and local scale. The common viewpoint (i.e. Wright and Burgess, 1992) of crystalline basement
aquifers is that long-term borehole productivity relies on the presence of weathered material
overlying the fractured rock or an alternative source of recharge such as a river or associated
alluvium. Therefore, in more arid crystalline terrain with a lack of surface water resources and
where a thinner weathered overburden is present, the interest of hydrogeologists in such aquifers
is increased. In these cases focus is predominantly on the dominant fissure/fracture flow

developed in the underlying fractured bedrock (i.e. Dutta et al., 2006; Galanos and Rokos, 2006;
Neves and Morales, 2007; Titus et al., 2009).

2.1.2. Generalflowbehaviour

Flow in hard-rock aquifers is inherently very complex and is governed by the hydraulic potential
gradient and the hydraulic conductivities in the regolith and underlying fractured bedrock. A
classical model for the recharge processes and flow systems in the crystalline basement regions of
sub-Saharan Africa can be found in Wright (1992). Theoretical studies of two-dimensional
groundwater flow in vertical sections by Tth (1963) indicated that local, intermediate, and
regional flow systems could be superimposed on one another within a groundwater basin. This is
somewhat in contrast to the general flow behaviour of crystalline aquifers which suggest that
groundwater flow is essentially shallow, focused in the weathered and fractured zone, generally
limited to 50 metre below ground level. However, regional flow occurs within the major
interconnected fracture systems, while the main groundwater flow systems are relatively localised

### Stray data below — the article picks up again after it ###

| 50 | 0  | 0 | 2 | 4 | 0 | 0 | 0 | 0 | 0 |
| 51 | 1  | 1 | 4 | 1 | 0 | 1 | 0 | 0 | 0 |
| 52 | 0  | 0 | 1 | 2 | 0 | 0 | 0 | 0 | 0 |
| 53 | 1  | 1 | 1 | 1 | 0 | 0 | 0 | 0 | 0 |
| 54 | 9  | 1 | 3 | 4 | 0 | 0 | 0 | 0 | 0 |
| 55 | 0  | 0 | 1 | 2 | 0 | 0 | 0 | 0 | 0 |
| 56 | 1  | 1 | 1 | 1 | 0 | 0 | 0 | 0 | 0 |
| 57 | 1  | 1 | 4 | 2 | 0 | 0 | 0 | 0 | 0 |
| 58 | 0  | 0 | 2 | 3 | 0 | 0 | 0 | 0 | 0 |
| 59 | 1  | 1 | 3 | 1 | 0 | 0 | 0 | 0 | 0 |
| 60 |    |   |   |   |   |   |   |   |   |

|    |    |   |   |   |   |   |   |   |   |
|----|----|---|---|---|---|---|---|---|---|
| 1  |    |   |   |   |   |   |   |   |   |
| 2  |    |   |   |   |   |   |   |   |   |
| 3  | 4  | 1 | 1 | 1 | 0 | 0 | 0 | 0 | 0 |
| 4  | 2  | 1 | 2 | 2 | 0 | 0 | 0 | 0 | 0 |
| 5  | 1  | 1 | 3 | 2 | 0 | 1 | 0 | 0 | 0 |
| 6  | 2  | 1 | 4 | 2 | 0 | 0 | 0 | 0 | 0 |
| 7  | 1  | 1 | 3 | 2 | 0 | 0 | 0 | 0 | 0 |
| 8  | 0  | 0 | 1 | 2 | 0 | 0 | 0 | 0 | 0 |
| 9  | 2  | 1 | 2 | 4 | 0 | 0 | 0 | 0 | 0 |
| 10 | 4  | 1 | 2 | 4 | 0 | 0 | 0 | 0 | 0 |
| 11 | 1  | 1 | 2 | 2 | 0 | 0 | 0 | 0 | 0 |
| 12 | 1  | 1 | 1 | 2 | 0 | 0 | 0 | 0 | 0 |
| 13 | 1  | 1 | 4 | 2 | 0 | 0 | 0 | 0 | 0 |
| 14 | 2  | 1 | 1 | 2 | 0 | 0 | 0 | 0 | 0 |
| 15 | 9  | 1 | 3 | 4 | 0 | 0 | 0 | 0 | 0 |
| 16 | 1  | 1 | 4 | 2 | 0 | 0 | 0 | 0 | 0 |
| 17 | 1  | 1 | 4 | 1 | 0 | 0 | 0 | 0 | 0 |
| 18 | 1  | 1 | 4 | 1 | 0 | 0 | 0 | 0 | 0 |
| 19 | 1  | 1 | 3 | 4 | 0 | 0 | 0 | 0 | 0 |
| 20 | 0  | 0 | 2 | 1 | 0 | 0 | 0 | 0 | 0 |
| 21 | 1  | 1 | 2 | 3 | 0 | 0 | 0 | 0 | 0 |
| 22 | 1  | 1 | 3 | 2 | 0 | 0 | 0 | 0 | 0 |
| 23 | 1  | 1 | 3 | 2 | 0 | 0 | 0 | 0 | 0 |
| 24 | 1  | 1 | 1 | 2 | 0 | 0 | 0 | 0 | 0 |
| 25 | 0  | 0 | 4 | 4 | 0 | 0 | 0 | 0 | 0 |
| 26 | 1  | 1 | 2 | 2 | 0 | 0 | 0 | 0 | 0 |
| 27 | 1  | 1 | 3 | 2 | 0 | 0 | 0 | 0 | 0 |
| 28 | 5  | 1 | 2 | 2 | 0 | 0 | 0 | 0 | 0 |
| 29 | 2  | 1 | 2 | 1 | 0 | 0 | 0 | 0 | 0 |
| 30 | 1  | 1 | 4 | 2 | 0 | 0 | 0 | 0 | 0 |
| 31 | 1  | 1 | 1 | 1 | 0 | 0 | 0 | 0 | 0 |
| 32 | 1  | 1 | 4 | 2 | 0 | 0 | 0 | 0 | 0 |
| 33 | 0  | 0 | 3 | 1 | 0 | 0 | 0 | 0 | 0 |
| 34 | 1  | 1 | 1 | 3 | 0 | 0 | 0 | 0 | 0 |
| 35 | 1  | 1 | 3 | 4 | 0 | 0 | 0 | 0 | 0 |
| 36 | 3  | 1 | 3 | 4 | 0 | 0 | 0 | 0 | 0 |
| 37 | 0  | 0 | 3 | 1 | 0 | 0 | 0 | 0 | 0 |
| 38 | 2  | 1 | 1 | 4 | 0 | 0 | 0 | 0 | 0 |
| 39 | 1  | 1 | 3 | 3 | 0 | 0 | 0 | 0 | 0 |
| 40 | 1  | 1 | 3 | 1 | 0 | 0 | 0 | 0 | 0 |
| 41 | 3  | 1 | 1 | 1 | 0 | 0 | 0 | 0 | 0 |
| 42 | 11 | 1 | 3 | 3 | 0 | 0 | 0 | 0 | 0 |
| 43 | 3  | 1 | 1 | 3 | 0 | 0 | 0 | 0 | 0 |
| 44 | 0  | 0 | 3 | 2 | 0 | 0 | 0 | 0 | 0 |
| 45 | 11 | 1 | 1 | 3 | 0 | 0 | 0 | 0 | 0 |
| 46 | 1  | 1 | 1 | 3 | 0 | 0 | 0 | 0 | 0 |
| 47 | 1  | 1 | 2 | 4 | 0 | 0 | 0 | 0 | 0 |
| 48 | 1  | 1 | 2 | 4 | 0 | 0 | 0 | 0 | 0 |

to the zones between recharge on watersheds to discharge by run-off or evaporation at valley
bottoms (Figure 2.2). Fractures exposed to the surface can create preferential flow paths which
short circuit the path to the water table. Due to its higher porosity the regolith zone acts as a
reservoir that slowly feeds water downward into fractures in the bedrock. Where good hydraulic
interconnection is present between the basement rock and regolith, it is likely that excessive
exploitation of the basement rock aquifer would induce vertical leakage from the regolith, thereby
effectively utilizing the regolith's resource (Howard and Karandu, 1992). However, the recharge
to the bedrock from the overlying regolith is generally difficult to estimate as it is governed by the
hydraulic conditions at the regolithbedrock interface. Consequently only a few published studies
address the issue of recharge from soil (regolith) to bedrock. One such investigation conducted in
central Sweden by Rodhe and Bockgrd (2006) showed that a granitic bedrock aquifer was
recharged by vertical flow from the overlying 10 m thick till soil, based on the assumption that the
bedrock can be represented as a continuous porous aquifer.

Figure 2.2. Simplified flow system for crystalline basement terrain (Adapted from Tth, 1963;
Chilton and Foster, 1995).

2.2. Groundwater recharge
Groundwater recharge can be defined as the portion of total rainfall falling into a drainage basin
that ultimately reaches the water table in the phreatic zone of an aquifer (Freeze and Cherry,
1979). Recharge to crystalline basement rocks is a function of the mode of chemical weathering of
the surface and the rate of fracturing (Lerner et al., 1990). Harte and Winter (1996) indicated that
four factors influence bedrock recharge patterns: (1) relief of land and bedrock surface above
groundwater discharge areas; (2) lateral trends in bulk-rock horizontal conductivity; (3) local
topographic features; and (4) local drift stratigraphy. Recharge is directly related to rainfall,
although this relationship is not linear as shown in Figure 2.3.

Figure 2.3. Recharge estimates for southern Africa (Xu and Beekman, 2003; Adams et al., 2004).

Across much of southern Africa potential evaporation is higher than average annual rainfall, and
recharge is likely to be episodic and often via preferred pathways rather than uniformly